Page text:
YOUNG GUN: When Heimgartner nearly quit racing
Thursday 23rd April, 2020 - 4:00pm
Nowadays, André Heimgartner is a top talent in Supercars, but in years past the Kiwi has often contemplated walking away from motorsport.
Heimgartner’s career is extensive, and with a resume that includes four Supercars seasons, it’s hard to believe he’s still just 24 years old.
After seven years of kart racing, Heimgartner moved into single-seaters. In 2007 at 13 years old he began racing Formula First before moving into Formula Ford where he won the 2010/11 national title.
It was around that time the V8 SuperTourers was starting up. Then just 16 years old, the relatively low-cost series was as close to a Supercar that he could race in New Zealand.
“We actually never intended to race in Supercars, or to race in Australia,” Heimgartner told Speedcafe.com.
“It was something that was a far fetched dream for us. And it’s not something I ever thought we’d do.
“We obviously had a little bit of money behind us, but we didn’t really have the desire, or the want, to spend the money needed to get into the Supercars.
“When V8 SuperTourers came out in New Zealand, we thought, ‘Okay, well, that’ll be good fun, it looks like a good category,’.”
In the midst of putting together his first tin-top program, Heimgartner got a call from David John, the infamous Australian-born businessman behind Team Kiwi Racing.
After their final season of Supercars in 2008, John made sporadic appearances in the Supercars development series before returning to New Zealand where he ran three Mini Challenge cars.
John wanted to get back to Australia to race in Porsche Carrera Cup Australia for 2012 and he needed a driver.
Having raced alongside Heimgartner in the V8 SuperTourers, Craig Baird had suggested to John that he give the young driver a chance.
Just two weeks later the 16-year-old was racing in a high calibre Carrera Cup field at the Adelaide 500 that included Steven Richards, Alex Davison, Jonny Reid, and Dan Gaunt.
Heimgartner impressed, finishing in the top five regularly on his way to seventh in the championship. Soon enough he was knocking on the door of the Supercars feeder series.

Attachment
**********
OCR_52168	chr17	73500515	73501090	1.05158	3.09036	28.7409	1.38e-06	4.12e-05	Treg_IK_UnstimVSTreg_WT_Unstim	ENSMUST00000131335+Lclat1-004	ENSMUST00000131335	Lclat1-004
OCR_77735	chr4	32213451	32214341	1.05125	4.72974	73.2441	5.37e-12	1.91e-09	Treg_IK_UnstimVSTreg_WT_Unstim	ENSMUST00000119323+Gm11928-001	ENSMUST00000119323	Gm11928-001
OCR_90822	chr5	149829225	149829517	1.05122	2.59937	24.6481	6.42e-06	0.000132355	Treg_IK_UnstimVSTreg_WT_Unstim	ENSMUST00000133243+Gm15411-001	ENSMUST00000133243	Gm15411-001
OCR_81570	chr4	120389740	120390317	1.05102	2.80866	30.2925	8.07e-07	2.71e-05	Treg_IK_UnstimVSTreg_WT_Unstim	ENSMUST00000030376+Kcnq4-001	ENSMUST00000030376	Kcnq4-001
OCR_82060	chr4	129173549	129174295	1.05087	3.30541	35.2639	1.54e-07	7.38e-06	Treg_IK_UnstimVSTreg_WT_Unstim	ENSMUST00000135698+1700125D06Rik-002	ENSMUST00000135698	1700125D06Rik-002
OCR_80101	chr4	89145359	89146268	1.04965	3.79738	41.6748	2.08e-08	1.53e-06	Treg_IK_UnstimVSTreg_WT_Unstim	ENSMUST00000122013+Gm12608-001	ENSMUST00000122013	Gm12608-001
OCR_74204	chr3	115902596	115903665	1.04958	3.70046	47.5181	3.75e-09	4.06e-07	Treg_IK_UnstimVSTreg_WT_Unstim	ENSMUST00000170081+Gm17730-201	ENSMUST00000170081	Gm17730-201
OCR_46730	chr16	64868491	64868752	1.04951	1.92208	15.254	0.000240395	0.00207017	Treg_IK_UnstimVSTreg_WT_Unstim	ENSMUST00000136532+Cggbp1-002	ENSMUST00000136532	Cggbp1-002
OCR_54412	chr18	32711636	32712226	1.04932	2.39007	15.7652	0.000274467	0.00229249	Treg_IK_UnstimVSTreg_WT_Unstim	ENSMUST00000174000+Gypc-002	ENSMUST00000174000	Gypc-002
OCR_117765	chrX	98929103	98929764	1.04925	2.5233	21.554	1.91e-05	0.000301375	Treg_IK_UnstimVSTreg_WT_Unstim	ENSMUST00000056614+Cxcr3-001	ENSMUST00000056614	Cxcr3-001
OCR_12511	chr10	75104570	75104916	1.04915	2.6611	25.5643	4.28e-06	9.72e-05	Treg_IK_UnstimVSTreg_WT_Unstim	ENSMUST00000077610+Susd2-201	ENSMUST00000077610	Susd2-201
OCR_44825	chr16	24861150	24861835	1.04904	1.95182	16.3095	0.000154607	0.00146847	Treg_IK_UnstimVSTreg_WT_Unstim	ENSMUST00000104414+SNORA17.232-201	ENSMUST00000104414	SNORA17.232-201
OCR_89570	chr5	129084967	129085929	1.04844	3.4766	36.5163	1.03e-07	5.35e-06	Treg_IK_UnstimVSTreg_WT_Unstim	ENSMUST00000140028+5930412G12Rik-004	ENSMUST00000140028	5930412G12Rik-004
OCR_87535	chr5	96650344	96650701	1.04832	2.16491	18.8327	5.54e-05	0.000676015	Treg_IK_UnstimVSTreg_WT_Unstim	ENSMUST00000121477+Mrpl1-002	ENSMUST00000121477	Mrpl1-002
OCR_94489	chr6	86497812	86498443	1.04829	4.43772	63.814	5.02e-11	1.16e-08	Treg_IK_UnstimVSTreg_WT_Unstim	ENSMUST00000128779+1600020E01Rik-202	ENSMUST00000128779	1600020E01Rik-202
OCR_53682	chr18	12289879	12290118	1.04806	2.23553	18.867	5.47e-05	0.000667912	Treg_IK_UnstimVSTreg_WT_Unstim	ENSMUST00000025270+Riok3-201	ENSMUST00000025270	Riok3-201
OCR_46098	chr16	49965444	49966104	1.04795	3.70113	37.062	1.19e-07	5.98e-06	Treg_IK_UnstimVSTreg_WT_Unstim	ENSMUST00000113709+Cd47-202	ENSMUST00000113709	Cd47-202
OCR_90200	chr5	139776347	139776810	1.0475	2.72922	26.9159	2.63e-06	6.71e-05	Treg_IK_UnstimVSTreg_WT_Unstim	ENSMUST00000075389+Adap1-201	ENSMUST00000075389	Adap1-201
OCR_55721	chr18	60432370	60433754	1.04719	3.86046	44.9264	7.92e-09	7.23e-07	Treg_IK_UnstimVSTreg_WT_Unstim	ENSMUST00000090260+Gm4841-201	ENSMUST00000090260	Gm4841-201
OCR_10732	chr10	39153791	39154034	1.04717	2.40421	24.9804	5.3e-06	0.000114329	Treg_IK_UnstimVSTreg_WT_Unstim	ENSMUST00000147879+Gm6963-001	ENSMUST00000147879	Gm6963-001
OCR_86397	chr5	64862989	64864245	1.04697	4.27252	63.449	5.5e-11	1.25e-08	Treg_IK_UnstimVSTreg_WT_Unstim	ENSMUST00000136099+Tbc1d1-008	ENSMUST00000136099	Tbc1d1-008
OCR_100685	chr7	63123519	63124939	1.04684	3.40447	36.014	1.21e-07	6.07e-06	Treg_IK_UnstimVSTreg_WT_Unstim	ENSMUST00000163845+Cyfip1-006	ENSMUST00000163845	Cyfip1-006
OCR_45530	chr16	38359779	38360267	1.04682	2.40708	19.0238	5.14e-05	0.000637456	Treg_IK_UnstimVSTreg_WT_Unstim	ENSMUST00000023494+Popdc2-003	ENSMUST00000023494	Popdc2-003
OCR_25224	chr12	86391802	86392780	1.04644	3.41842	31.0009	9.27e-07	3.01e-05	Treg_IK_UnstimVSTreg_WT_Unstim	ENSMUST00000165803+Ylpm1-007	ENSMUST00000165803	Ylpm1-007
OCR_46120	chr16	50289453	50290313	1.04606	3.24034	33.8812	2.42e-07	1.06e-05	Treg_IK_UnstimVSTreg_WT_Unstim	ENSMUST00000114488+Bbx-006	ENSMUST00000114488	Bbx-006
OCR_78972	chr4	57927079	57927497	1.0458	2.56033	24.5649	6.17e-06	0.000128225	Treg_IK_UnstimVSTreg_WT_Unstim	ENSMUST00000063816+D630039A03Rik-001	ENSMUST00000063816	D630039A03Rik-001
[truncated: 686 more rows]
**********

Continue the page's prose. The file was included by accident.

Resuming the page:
The step up brought significant cost. With the help of Paul Morris, Heimgartner was able to put together a deal to race a Ford Falcon FG with Maurice Pickering’s Finance EZI Racing for 2013.
“It was a big wake up call, extremely different to Carrera Cup,” said Heimgartner.
“I was still only 17 at that stage. So still very young. But I won one race at Queensland Raceway, the reverse grid, but still won it.
“I struggled a bit with staying out of trouble. There was a lot of crashing that year.”
Heimgartner’s first season saw him finish 20th out of 28 full-time drivers in a year where he cracked the top 10 on two occasions.
Come 2014, he improved significantly to finish fifth in a year that was won by Paul Dumbrell with Cameron Waters, Ash Walsh, and Chris Pither in tow.
In the midst of his development series campaign, the late Tony Lentino began the Super Black Racing Team; a Supercars satellite operation out of the then-known Prodrive Racing stable (now Tickford Racing).
The outfit had similar hallmarks to Team Kiwi Racing, built with the vision to give young drivers from New Zealand opportunities in Supercars.
Having impressed in the feeder division, Heimgartner was picked to race alongside fellow countryman Ant Pedersen for the team’s only race that year, the Bathurst 1000. In their first race, the pair finished 11th.
“Still to this today, that was one of the best events I’ve ever done in my life,” Heimgartner recalled.
“We had to start off slowly and by the end of it I was in the front six or seven cars. I was on the back of that pack.
“That’s when Frosty (Mark Winterbottom) got spun by (Craig) Lowndes. You’re just flying past all these people and you can see up the road, Lowndes, and all these people that you’ve watched on TV.
“It was a surreal moment to be all of sudden amongst it, in one of the biggest races, and actually half competitive. It was an amazing experience and still to this day one of the best feelings that I’ve ever had.
“It was one of those moments where I felt like I was a fan, and then I got the front row seat, to be amongst the action.
“I don’t think I’ll ever have that moment again in my life where you just can’t believe what’s happening and unfolding around you.”
Lentino liked what he saw and offered Heimgartner a full-time drive for the 2015 season, by then just 20 years old.
It was an okay first year as a full-timer. He got a top 10 finish in his second event and even made the top 10 shootout on one occasion.
“That was a really cool experience,” he said.
“Tony was an interesting guy. He loved his motorsport, loved making people happy, and it was all about racing.
“It was an awesome year most of the way through. Unfortunately, I didn’t get to finish the year.
“It wasn’t tracking too bad, but unfortunately towards the end of the year, with as expensive as it was, I got replaced by Chris Pither.
“It was gut-wrenching,” he added.
“I was still very young. We’d been on the rise obviously through the categories and had got where you never thought you could, and where you dreamt of going, and then to have it taken away from you and have to watch from the sidelines, was pretty heartbreaking.